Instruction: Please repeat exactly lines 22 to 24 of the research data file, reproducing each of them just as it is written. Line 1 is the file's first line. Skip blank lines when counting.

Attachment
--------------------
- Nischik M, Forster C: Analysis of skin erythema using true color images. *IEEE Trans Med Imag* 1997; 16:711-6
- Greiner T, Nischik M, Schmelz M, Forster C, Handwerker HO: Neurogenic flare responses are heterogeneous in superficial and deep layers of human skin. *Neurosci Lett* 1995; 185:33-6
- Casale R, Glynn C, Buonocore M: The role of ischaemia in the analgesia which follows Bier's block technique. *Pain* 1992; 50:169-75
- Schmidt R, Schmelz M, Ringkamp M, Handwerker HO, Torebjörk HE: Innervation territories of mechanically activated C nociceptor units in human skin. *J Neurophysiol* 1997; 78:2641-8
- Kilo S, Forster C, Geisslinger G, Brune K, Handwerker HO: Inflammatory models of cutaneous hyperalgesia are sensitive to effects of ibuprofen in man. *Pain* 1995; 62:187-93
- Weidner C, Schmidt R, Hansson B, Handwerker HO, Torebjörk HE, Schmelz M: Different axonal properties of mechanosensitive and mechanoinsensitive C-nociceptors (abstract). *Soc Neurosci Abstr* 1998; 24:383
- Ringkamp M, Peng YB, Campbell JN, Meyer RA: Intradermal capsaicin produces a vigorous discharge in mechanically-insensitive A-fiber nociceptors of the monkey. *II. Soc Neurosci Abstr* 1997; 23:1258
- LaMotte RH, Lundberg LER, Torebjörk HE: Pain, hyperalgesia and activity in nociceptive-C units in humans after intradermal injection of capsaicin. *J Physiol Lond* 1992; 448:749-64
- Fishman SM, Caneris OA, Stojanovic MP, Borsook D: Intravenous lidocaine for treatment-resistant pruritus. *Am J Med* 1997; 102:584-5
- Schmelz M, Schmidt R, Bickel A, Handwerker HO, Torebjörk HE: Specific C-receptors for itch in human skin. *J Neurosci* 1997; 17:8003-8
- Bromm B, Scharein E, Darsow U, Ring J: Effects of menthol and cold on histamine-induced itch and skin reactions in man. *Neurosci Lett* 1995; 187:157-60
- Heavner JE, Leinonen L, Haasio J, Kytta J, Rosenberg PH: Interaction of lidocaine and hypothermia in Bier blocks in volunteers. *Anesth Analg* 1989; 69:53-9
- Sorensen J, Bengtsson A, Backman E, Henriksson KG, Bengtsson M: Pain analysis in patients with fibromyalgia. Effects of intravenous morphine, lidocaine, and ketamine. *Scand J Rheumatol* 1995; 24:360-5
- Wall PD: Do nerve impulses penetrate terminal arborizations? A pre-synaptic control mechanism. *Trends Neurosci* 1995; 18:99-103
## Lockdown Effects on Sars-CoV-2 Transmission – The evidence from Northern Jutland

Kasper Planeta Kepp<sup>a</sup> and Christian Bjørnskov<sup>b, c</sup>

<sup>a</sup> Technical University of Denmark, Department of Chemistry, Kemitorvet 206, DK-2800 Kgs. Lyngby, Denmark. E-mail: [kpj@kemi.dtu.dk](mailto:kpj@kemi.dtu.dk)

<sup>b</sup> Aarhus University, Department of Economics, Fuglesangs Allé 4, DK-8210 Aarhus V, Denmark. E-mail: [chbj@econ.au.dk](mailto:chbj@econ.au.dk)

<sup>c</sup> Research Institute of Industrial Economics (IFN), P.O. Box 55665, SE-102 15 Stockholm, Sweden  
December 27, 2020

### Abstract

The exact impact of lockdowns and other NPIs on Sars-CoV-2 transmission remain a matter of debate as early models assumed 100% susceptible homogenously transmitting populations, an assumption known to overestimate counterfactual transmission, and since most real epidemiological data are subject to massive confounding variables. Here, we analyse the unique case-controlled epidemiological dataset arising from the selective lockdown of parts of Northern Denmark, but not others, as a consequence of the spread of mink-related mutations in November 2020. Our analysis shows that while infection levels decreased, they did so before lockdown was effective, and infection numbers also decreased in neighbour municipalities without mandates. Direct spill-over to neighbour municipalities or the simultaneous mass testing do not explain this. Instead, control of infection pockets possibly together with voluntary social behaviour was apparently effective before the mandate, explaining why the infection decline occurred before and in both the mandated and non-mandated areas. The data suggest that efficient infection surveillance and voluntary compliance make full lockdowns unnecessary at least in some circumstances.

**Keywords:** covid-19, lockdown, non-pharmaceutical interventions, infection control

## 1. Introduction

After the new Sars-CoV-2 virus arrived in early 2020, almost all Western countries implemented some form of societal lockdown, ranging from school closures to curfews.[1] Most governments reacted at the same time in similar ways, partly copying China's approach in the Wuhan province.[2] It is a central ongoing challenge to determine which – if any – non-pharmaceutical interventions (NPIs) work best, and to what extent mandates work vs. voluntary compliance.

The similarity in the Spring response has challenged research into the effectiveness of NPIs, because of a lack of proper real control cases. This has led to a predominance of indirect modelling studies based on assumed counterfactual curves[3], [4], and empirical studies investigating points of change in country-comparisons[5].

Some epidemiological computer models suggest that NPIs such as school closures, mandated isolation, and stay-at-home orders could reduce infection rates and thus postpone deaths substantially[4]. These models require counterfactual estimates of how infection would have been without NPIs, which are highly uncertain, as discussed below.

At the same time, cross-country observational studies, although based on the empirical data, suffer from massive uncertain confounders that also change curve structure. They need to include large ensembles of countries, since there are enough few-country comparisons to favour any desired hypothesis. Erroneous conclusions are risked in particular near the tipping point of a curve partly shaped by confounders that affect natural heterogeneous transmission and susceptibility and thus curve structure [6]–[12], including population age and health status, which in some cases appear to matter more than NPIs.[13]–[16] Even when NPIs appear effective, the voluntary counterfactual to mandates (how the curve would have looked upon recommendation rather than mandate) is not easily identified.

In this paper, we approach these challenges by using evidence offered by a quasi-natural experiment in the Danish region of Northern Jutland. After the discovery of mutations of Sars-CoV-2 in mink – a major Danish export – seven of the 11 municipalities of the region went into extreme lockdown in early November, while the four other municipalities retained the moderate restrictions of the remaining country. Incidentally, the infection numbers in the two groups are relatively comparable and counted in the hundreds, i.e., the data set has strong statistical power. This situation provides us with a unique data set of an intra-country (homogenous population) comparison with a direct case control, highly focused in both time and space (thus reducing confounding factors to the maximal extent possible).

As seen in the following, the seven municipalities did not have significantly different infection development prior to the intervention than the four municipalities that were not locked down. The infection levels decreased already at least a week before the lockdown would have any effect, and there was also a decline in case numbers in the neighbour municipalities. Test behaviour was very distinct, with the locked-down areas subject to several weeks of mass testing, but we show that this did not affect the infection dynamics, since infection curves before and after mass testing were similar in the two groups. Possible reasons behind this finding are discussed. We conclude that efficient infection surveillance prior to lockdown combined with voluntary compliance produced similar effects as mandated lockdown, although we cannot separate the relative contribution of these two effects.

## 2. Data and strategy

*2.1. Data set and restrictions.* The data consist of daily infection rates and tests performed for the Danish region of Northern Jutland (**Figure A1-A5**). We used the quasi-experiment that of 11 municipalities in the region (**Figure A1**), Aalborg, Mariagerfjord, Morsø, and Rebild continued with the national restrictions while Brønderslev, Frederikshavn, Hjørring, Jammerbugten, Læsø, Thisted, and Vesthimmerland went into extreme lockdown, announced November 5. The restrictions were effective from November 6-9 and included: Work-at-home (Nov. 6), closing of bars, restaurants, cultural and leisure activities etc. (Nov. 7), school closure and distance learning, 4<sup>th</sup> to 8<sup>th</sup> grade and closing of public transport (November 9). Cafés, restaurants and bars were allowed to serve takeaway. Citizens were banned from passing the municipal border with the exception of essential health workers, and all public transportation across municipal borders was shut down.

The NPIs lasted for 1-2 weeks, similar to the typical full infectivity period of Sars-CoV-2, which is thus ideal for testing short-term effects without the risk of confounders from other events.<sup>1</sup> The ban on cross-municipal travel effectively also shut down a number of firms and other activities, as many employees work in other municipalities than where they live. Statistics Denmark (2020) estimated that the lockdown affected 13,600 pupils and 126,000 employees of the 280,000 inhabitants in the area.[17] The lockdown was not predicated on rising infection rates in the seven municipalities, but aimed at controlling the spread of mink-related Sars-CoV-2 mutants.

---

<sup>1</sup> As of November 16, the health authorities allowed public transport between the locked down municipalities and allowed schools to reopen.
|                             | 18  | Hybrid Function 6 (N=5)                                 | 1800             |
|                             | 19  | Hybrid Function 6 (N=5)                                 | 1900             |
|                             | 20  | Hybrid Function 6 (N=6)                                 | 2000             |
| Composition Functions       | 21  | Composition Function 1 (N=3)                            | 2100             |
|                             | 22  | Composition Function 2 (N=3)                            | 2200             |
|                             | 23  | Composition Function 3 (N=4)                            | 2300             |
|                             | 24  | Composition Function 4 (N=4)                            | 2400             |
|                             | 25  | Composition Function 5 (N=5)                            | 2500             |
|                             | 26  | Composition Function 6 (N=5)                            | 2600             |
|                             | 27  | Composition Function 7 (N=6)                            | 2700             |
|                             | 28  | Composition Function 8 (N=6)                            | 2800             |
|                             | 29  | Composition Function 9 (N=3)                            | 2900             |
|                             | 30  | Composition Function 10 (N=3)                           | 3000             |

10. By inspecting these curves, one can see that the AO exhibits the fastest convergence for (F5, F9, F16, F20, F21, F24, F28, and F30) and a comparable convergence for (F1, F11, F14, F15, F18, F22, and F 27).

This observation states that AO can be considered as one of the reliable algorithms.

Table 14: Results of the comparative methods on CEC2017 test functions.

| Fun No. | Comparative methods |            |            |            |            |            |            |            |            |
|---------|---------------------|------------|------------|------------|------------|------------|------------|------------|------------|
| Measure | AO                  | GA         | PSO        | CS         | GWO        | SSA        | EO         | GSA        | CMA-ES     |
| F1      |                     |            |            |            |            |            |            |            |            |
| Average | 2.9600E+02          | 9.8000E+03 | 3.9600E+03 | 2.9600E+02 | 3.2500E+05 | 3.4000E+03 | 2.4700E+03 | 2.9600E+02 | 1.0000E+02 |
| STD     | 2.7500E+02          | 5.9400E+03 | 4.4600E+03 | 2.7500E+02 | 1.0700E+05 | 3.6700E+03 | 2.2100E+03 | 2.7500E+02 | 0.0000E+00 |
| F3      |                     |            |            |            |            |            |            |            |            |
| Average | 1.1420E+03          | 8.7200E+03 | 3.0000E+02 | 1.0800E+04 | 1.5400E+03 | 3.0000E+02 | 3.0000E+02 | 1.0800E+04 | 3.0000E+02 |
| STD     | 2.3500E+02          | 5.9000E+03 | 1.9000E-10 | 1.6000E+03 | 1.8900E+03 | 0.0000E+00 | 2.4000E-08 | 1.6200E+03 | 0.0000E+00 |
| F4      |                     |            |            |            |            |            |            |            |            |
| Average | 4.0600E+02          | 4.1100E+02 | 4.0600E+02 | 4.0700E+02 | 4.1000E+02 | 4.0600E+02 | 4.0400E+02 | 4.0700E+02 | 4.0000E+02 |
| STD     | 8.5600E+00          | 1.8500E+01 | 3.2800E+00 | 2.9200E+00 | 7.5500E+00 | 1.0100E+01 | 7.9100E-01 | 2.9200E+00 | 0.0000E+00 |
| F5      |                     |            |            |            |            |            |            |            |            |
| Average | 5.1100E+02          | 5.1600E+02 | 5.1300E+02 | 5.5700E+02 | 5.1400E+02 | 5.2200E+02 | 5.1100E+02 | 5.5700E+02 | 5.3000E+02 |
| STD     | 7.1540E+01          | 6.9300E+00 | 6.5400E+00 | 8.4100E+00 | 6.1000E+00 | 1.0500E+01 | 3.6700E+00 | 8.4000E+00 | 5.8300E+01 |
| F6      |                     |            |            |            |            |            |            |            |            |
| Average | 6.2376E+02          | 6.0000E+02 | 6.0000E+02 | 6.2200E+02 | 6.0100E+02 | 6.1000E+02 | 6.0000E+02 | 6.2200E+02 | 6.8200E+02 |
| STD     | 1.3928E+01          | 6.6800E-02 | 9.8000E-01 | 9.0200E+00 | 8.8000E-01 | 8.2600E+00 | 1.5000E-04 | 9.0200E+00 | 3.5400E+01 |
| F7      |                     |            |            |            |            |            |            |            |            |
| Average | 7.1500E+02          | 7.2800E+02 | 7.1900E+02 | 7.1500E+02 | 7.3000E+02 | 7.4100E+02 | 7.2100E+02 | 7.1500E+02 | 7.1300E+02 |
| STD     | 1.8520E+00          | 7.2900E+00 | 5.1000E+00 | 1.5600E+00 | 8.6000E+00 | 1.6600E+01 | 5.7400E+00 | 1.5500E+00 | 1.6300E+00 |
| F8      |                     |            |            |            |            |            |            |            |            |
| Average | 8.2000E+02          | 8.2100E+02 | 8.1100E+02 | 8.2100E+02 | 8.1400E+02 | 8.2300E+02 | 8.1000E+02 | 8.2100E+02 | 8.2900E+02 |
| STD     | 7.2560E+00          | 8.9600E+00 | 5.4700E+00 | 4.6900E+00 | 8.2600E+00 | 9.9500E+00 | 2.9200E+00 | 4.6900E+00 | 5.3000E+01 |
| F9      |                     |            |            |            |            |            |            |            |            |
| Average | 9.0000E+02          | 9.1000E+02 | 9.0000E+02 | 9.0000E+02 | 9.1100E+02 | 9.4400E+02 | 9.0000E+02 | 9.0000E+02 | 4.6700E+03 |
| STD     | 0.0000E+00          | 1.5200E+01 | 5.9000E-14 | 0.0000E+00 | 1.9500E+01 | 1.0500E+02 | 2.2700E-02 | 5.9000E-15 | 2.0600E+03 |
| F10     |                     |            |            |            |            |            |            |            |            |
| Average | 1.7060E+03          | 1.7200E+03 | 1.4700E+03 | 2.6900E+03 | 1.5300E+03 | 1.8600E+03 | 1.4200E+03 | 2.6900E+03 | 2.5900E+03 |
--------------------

The exact impact of lockdowns and other NPIs on Sars-CoV-2 transmission remain a matter of debate as early models assumed 100% susceptible homogenously transmitting populations, an assumption known to overestimate counterfactual transmission, and since most real epidemiological data are subject to massive confounding variables. Here, we analyse the unique case-controlled epidemiological dataset arising from the selective lockdown of parts of Northern Denmark, but not others, as a consequence of the spread of mink-related mutations in November 2020. Our analysis shows that while infection levels decreased, they did so before lockdown was effective, and infection numbers also decreased in neighbour municipalities without mandates. Direct spill-over to neighbour municipalities or the simultaneous mass testing do not explain this. Instead, control of infection pockets possibly together with voluntary social behaviour was apparently effective before the mandate, explaining why the infection decline occurred before and in both the mandated and non-mandated areas. The data suggest that efficient infection surveillance and voluntary compliance make full lockdowns unnecessary at least in some circumstances.

**Keywords:** covid-19, lockdown, non-pharmaceutical interventions, infection control

## 1. Introduction